Why Some People Will Do Anything to Avoid Pooping in Public Toilets

Anxiety over using a public bathroom affects some, but not others. Why is that? Joey Boylan/Getty Images

Why is it so worry-inducing to poop in public restrooms? Few people look forward to getting caught with the urge while they're away from home, but for some, it can cause life-changing anxiety.

"I have patients who have gone all the way back home to use the bathroom. I have individuals who will wait until the bathroom is free before they can use it. I have people who have 'secret' bathrooms in their office buildings so their co-workers can't hear or smell them in the bathroom," says Dr. Frank J. Sileo, a New Jersey psychologist, author and speaker.


Toilet anxiety is a broad term used to describe a number of different issues related to using public restrooms. For some, it means just being unable to poop away from home. For others, it means they can't relieve themselves in a public restroom at all — neither feces nor urine — which can become a potentially physically damaging problem. Where does this anxiety stem from?

"People are embarrassed by the smell and sounds of going to the bathroom," says Sileo. "This is probably one of the greatest contributors to bathroom anxiety. It makes people feel vulnerable."

The fear of, or inability to, defecate with other people nearby, is called parcopresis. It also has ties to underlying conditions, such as a generalized social anxiety and obsessive-compulsive disorder (OCD),  in which people repeatedly perform certain routines or experience certain thoughts.

"Conditions such as OCD with a germ focus can often be associated with bathroom anxiety," Sileo says. "For someone with OCD and a fear of germs, bathrooms are just another place where they experience their anxiety. Let's face it, many public restrooms are not the cleanest. So many rituals, as far as touching the door handle, not sitting on the toilet, clothes touching the toilet and the floor at times, flushing the toilet ... all create anxiety."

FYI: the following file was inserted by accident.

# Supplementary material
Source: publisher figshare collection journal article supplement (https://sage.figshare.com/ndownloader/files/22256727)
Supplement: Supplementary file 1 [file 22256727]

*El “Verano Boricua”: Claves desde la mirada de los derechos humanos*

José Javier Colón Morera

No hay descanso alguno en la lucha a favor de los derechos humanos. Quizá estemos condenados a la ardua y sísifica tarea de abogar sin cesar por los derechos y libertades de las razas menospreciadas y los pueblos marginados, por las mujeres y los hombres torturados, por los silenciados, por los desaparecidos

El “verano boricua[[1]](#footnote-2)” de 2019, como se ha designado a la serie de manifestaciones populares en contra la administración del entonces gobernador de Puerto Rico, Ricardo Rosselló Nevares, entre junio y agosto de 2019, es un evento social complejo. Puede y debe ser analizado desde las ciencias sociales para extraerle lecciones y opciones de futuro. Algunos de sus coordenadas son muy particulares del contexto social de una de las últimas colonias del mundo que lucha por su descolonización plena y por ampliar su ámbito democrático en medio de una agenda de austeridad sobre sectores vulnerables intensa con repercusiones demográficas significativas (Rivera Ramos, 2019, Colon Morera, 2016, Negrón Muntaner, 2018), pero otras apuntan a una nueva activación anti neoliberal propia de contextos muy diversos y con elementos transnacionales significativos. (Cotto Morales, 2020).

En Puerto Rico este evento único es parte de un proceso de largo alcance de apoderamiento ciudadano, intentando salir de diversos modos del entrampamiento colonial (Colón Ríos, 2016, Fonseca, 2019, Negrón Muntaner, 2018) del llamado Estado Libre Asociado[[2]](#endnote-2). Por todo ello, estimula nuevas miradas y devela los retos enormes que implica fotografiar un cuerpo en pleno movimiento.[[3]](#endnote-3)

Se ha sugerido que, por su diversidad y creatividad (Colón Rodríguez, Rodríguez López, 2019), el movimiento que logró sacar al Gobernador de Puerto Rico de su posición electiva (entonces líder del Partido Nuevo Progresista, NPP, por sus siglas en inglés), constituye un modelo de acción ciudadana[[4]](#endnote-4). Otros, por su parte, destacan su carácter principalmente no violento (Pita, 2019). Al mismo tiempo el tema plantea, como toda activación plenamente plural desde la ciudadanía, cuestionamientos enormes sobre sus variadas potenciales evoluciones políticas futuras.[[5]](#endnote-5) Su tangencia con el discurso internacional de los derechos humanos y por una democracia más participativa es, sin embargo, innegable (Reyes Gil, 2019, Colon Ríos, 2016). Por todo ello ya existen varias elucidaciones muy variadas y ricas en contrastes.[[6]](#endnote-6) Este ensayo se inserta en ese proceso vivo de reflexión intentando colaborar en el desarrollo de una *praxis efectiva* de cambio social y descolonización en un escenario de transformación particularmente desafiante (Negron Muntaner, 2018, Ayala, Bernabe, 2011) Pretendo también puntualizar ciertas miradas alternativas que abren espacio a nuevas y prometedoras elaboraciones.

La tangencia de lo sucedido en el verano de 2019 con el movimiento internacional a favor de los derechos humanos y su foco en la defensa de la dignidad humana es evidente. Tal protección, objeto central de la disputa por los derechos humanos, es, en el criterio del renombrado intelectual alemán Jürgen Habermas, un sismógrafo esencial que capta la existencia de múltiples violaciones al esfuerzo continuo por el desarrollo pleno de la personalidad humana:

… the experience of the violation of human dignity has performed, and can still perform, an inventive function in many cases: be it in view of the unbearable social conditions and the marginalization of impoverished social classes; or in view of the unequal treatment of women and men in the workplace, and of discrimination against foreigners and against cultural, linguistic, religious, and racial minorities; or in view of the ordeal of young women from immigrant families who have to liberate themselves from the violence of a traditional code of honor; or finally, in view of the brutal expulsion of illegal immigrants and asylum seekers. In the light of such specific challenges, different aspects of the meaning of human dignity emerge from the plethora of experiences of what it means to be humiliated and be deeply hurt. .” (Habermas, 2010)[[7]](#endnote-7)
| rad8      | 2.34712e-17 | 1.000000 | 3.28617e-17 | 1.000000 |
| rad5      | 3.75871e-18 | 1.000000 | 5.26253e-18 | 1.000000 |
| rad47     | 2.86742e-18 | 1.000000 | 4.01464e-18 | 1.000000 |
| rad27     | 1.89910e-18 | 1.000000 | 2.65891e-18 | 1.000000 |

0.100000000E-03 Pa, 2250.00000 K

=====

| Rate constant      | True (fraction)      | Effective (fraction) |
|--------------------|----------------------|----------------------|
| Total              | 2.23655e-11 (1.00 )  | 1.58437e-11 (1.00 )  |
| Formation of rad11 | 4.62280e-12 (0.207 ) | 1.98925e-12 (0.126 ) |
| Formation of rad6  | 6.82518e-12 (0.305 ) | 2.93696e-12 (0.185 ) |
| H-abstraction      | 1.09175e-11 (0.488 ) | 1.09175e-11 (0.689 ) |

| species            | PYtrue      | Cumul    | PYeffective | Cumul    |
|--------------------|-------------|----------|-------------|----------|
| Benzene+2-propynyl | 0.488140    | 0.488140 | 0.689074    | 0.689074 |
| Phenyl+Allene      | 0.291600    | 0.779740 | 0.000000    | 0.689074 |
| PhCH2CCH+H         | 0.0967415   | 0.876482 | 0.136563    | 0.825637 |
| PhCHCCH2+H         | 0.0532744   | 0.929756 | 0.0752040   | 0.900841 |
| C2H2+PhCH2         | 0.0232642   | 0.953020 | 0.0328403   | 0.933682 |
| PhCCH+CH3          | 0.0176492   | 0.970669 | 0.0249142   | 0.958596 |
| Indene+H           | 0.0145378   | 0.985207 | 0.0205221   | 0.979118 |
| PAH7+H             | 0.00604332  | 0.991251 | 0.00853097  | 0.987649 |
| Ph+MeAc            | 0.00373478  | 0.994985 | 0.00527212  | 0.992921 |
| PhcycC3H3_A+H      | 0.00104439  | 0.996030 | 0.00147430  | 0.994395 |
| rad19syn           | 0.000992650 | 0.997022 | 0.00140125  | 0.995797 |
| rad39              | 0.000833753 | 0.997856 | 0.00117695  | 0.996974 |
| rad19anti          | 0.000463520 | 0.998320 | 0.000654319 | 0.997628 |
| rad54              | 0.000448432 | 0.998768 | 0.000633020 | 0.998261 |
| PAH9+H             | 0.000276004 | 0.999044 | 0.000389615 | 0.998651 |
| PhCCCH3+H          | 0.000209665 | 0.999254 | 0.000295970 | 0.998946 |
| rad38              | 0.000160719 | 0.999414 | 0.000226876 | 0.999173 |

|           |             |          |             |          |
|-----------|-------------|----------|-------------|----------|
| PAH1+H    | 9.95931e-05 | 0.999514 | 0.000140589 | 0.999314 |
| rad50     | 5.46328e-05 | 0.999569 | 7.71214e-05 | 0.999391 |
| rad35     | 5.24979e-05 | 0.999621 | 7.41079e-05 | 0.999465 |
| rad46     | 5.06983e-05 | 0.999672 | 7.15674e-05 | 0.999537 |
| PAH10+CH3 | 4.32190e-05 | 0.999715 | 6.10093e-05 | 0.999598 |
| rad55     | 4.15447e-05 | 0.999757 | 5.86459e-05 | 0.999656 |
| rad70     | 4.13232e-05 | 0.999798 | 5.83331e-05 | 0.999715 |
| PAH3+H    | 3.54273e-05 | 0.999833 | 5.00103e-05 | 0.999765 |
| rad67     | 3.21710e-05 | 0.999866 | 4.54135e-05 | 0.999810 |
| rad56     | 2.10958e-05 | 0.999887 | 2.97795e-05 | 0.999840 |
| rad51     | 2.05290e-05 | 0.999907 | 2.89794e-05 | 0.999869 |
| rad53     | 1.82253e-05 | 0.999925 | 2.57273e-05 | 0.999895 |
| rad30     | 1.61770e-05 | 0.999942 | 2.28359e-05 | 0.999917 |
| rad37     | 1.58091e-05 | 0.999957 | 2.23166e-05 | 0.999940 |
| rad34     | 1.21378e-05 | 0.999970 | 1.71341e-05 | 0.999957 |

While there are an unknown number of people who are only able to have a bowel movement in toilets they consider safe and private, the International Paruresis Association estimates that about 220 million people worldwide — about seven percent of the global population — is affected by paruresis, the inability to urinate in public toilets.

Dr. Simon Knowles, an international expert on the toilet anxiety, reports that little research has been conducted on paruresis since the condition was first identified in 1954. As for parcopresis, it's barely a footnote. This is something that Knowles — a clinical psychologist and senior lecturer at Australia's Swinburne University of Technology — is working to change through the use of a psychological scale that will allow objective and consistent measurement of shy bladders and bowels.

Only a few isolated studies have taken a closer look at the use of public toilets. For example, the May 1976 Journal of Personal Social Psychology reported on men's urinal etiquette. The U.S.-based study deployed a volunteer to enter a men's restroom and stand at the urinal either next to or one over from an unsuspecting man who was urinating while a researcher hid in a toilet stall to watch. The study discovered that the closer the volunteer stood to the urinating men, the longer it took them to pee.

And a 1985 study points to behavioral boundaries that seem to be just as necessary as the physical security a bathroom stall provides. For example, posits the study, friends entering a bathroom usually stop talking upon entering bathroom stalls. And strangers, it seems, enter into a social contract in which they take note of each other, then act as if each are completely alone.

It's not always the proximity of other people that introduce anxiety. A 2012 British Journal of Criminology study interviewed men and women using one of 20 public toilets. Men had increased anxiety about physical assault, or that they would be watched or get caught watching others, while women were more social with strangers, focusing primarily on cleanliness.

Cleanliness — or lack thereof — cannot be ruled out as a factor in fear of public restroom use. Even for people who don't commonly experience general toilet anxiety, a particularly filthy public loo may inspire serious specific concern.